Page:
Supreme Court directs immigrants’ adult children to back of the line for visas

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WASHINGTON — On a 5-4 vote, the Supreme Court ruled Mon­day that the vast ma­jor­ity of im­mi­grant chil­dren who turn 21 while await­ing ap­proval of their fam­i­lies’ visa ap­pli­ca­tions must re­start a pro­cess that takes years.

The di­vided court de­ferred to the Obama ad­min­is­tra­tion’s read­ing of a law passed in 2002 that at­tempted to bring or­der to the im­mi­gra­tion pro­cess, in which there are far more ap­pli­ca­tions than avail­able spots.

The law is so am­big­u­ous — one sec­tion “is through and through per­plex­ing,” wrote Justice Elena Kagan — that it is best to leave in­ter­pre­ta­tion to the Board of Im­mi­gra­tion Ap­peals, she said. The fed­eral agency has said cer­tain classes of ap­pli­cants lose their fa­vored sta­tus as chil­dren when they turn 21, even if the pro­cess started years ear­lier.

Justice Kagan said the de­ci­sion would pri­mar­ily af­fect nieces, neph­ews and grand­chil­dren of U.S. cit­i­zens and le­gal per­ma­nent res­i­dents who are try­ing to re­unite their fam­i­lies. The de­ci­sion does not touch on the re­cent mi­gra­tion of thou­sands of chil­dren trav­el­ing on their own across the Mex­i­can bor­der.

The case re­quired a deep dive into com­plex im­mi­gra­tion law and di­vided the court in sev­eral ways. Justice Kagan’s opin­ion was joined by Justices An­thony Ken­nedy and Ruth Bader Gins­burg. Chief Justice John Rob­erts and Justice An­to­nin Sca­lia agreed with the agency’s in­ter­pre­ta­tion of the law but did not go along with Justice Kagan’s de­scrip­tion of the law as hav­ing “con­flict­ing” di­rec­tives.

Justice So­nia So­to­mayor, who like Justice Kagan was nom­i­nated to the court by Pres­i­dent Barack Obama, led the dis­sent. She said the law was clearly in­tended to keep fam­i­lies to­gether, and that chil­dren who “aged out” dur­ing the pro­cess should not have to start the pro­cess to get their own vi­sas. She was joined by Justices Clar­ence Tho­mas and Ste­phen Breyer. Justice Samuel Alito filed his own dis­sent.

The agency’s in­ter­pre­ta­tion of the law was chal­lenged by Rosalina Cuel­lar de Oso­rio, a Sal­va­doran im­mi­grant who was the prin­ci­pal ben­e­fi­ciary of a pe­ti­tion filed by her mother, a U.S. cit­i­zen. Her 13-year-old son, Melvin, was what was called a de­riv­a­tive ben­e­fi­ciary.

The ap­pli­ca­tion was ap­proved in 1998, but only a cer­tain num­ber of vi­sas are avail­able each year, and Ms. Cuel­lar de Oso­rio’s did not come un­til 2005 — four months af­ter Melvin turned 21. The par­ents im­mi­grated, but gov­ern­ment of­fi­cials said Melvin no lon­ger qual­i­fied as an el­i­gi­ble child, and he was placed at the back of the line, re­sult­ing in a wait of sev­eral more years.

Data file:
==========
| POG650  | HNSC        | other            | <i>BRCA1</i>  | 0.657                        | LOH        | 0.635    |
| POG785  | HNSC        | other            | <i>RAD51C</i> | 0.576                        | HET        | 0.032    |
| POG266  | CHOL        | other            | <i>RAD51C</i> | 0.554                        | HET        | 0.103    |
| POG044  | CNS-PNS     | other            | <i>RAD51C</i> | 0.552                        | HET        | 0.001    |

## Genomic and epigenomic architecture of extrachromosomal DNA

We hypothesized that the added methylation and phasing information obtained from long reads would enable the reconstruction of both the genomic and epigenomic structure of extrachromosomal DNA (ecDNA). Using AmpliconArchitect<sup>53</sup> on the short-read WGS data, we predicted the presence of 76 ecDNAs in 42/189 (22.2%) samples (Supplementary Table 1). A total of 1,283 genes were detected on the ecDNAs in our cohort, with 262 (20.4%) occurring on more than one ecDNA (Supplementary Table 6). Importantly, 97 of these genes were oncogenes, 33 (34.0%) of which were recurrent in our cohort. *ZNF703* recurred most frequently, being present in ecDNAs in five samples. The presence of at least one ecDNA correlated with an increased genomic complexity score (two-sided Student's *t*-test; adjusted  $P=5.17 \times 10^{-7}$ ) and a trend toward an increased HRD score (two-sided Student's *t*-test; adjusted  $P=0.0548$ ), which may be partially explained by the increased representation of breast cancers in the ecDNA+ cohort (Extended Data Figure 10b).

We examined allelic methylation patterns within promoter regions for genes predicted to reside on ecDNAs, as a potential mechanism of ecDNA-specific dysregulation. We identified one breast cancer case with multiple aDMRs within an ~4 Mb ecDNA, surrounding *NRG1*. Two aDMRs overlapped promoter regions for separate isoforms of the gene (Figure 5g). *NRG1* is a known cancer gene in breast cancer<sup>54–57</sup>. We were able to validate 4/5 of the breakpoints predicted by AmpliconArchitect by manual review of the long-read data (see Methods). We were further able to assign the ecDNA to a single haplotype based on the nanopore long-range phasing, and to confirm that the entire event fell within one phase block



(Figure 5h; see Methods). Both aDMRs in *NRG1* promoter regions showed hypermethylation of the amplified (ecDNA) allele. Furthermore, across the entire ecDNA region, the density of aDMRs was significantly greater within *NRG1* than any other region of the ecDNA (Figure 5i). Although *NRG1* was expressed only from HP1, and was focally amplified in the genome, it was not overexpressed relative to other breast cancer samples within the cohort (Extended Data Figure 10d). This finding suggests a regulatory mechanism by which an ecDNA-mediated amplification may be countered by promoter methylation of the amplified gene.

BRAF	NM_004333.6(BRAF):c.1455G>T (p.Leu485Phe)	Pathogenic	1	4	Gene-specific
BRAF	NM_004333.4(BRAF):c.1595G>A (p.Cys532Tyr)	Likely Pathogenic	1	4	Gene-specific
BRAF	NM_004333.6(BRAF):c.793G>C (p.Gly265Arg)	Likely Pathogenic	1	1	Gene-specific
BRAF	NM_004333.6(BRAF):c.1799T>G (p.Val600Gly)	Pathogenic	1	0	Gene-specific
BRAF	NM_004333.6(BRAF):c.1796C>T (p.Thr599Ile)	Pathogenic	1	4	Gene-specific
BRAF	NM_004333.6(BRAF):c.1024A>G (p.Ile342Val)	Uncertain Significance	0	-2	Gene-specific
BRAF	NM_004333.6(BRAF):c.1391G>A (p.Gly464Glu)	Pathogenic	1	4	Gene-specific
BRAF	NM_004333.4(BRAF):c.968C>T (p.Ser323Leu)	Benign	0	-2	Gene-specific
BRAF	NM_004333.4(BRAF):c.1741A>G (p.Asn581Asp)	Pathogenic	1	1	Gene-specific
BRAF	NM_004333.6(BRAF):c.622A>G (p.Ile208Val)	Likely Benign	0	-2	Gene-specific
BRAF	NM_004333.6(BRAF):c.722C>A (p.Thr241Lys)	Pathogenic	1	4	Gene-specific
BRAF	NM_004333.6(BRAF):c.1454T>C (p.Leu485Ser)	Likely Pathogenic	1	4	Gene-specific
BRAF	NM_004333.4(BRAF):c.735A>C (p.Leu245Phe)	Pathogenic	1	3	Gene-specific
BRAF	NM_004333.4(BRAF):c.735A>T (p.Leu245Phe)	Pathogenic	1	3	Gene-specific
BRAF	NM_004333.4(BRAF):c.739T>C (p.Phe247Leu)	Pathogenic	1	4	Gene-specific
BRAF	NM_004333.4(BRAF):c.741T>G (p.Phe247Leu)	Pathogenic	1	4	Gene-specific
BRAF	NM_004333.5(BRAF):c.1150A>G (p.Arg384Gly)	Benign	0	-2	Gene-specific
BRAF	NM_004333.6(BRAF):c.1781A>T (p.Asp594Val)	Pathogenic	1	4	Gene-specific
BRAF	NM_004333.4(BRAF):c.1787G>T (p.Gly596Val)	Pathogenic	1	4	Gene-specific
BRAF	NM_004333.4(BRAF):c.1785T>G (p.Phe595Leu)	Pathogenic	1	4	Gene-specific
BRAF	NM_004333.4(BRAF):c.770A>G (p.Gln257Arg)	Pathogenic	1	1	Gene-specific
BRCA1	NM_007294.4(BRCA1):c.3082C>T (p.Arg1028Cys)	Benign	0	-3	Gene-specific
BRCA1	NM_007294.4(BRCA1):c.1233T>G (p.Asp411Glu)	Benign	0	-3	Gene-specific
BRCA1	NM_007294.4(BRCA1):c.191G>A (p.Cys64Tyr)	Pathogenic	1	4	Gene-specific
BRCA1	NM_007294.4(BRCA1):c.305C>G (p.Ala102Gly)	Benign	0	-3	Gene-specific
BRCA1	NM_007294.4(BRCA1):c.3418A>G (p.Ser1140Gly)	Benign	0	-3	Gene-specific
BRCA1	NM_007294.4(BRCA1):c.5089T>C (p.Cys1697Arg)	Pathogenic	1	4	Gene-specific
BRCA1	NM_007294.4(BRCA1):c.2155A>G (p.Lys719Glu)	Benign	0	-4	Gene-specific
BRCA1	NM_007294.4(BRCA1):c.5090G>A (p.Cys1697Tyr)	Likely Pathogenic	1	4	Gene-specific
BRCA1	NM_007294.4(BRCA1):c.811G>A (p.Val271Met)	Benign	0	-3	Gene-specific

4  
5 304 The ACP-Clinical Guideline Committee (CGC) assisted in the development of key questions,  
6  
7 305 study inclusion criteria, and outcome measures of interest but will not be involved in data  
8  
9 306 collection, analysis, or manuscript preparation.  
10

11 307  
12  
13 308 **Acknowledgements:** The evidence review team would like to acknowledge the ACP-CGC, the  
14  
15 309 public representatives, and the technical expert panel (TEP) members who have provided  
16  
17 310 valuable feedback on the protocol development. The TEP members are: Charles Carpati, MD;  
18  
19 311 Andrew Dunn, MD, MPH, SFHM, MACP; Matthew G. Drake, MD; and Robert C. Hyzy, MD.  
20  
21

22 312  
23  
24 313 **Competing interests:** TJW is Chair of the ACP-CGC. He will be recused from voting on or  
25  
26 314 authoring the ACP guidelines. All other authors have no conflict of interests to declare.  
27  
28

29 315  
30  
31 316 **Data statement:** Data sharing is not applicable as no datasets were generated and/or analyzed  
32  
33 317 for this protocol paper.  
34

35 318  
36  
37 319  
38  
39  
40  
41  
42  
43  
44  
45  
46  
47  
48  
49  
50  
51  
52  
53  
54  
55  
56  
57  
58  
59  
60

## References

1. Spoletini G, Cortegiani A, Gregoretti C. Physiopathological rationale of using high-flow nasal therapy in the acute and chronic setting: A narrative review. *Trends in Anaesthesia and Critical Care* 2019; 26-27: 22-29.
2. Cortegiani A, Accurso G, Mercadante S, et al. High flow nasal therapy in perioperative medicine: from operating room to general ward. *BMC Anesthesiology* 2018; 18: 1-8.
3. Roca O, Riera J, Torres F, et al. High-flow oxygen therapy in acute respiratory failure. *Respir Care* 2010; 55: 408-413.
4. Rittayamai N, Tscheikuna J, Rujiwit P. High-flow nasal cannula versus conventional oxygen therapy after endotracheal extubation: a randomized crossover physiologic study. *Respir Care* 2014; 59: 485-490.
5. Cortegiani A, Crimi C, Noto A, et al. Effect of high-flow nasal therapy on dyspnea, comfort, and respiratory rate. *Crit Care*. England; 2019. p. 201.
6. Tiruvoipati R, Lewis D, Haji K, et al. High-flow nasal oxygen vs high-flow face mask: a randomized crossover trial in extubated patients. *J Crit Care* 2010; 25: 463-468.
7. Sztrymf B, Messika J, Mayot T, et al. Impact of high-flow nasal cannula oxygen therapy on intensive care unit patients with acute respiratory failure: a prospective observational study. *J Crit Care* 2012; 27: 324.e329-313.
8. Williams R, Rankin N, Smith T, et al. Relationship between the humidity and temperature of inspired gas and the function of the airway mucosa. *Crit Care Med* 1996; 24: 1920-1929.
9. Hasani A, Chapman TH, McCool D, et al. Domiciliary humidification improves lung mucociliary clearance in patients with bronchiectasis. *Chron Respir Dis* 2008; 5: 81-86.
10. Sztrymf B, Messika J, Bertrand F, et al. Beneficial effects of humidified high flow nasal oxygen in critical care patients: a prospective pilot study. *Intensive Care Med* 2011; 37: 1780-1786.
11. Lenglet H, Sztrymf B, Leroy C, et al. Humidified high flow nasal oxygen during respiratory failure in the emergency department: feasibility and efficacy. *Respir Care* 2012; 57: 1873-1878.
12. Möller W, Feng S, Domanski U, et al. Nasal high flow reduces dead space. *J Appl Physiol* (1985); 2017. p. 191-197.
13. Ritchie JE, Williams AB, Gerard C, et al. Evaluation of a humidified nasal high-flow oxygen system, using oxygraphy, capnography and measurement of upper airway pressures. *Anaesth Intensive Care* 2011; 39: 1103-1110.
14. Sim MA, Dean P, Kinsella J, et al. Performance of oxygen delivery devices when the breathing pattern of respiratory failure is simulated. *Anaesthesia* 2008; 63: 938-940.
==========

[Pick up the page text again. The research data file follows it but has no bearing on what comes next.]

The 9th U.S. Cir­cuit Court of Ap­peals ruled for the fam­ily, but other courts have de­ferred to the agency, set­ting up Mon­day’s de­ci­sion.

Justice Kagan said it was the court’s prece­dent to de­fer to agen­cies when the law is am­big­u­ous, and that the gov­ern­ment had rea­sons for its rules. In the “un­avoid­ably zero-sum world of al­lo­cat­ing a lim­ited num­ber of vi­sas,” Justice Kagan wrote, ad­mit­ting some means that oth­ers will be left out.

Justice So­to­mayor said it was clear that the law’s in­tent was to treat all those who be­come 21 dur­ing the wait for vi­sas the same, and that the court was wrong to “con­strue the stat­ute as a self-con­tra­dic­tion that was bro­ken from the mo­ment Con­gress wrote it.”

A group of law­mak­ers in­clud­ing Sens. John McCain, R-Ariz., and Dianne Fein­stein, D-Calif., sub­mit­ted a brief re­ject­ing the ad­min­is­tra­tion’s view of the law. But any leg­is­la­tive rem­edy to the de­ci­sion would prob­a­bly be com­pli­cated by Con­gress’ im­passe over com­pre­hen­sive im­mi­gra­tion re­form.

In a sep­a­rate case, the court, by a 7-2 vote, said a group of North Car­o­lina land­own­ers had missed a state dead­line for su­ing a com­pany that con­tam­i­nated their drink­ing wa­ter de­cades ago and ruled that a fed­eral law did not pro­tect such suits. The de­ci­sion af­fects a hand­ful of other states that have such time lim­its and is a blow for a suit on the other side of North Car­o­lina, where fam­i­lies of sev­eral thou­sand for­mer Marines are su­ing over con­tam­i­nated drink­ing wa­ter at Camp Le­jeune.

United States - North America - United States government - Barack Obama - United States Congress - Sonia Sotomayor - Antonin Scalia - Stephen Breyer - John McCain - Elena Kagan - Supreme Court of the United States - North Carolina - Dianne Feinstein - Anthony Kennedy - John Roberts - Samuel Alito - Clarence Thomas - Ruth Bader Ginsburg - CTS Corp

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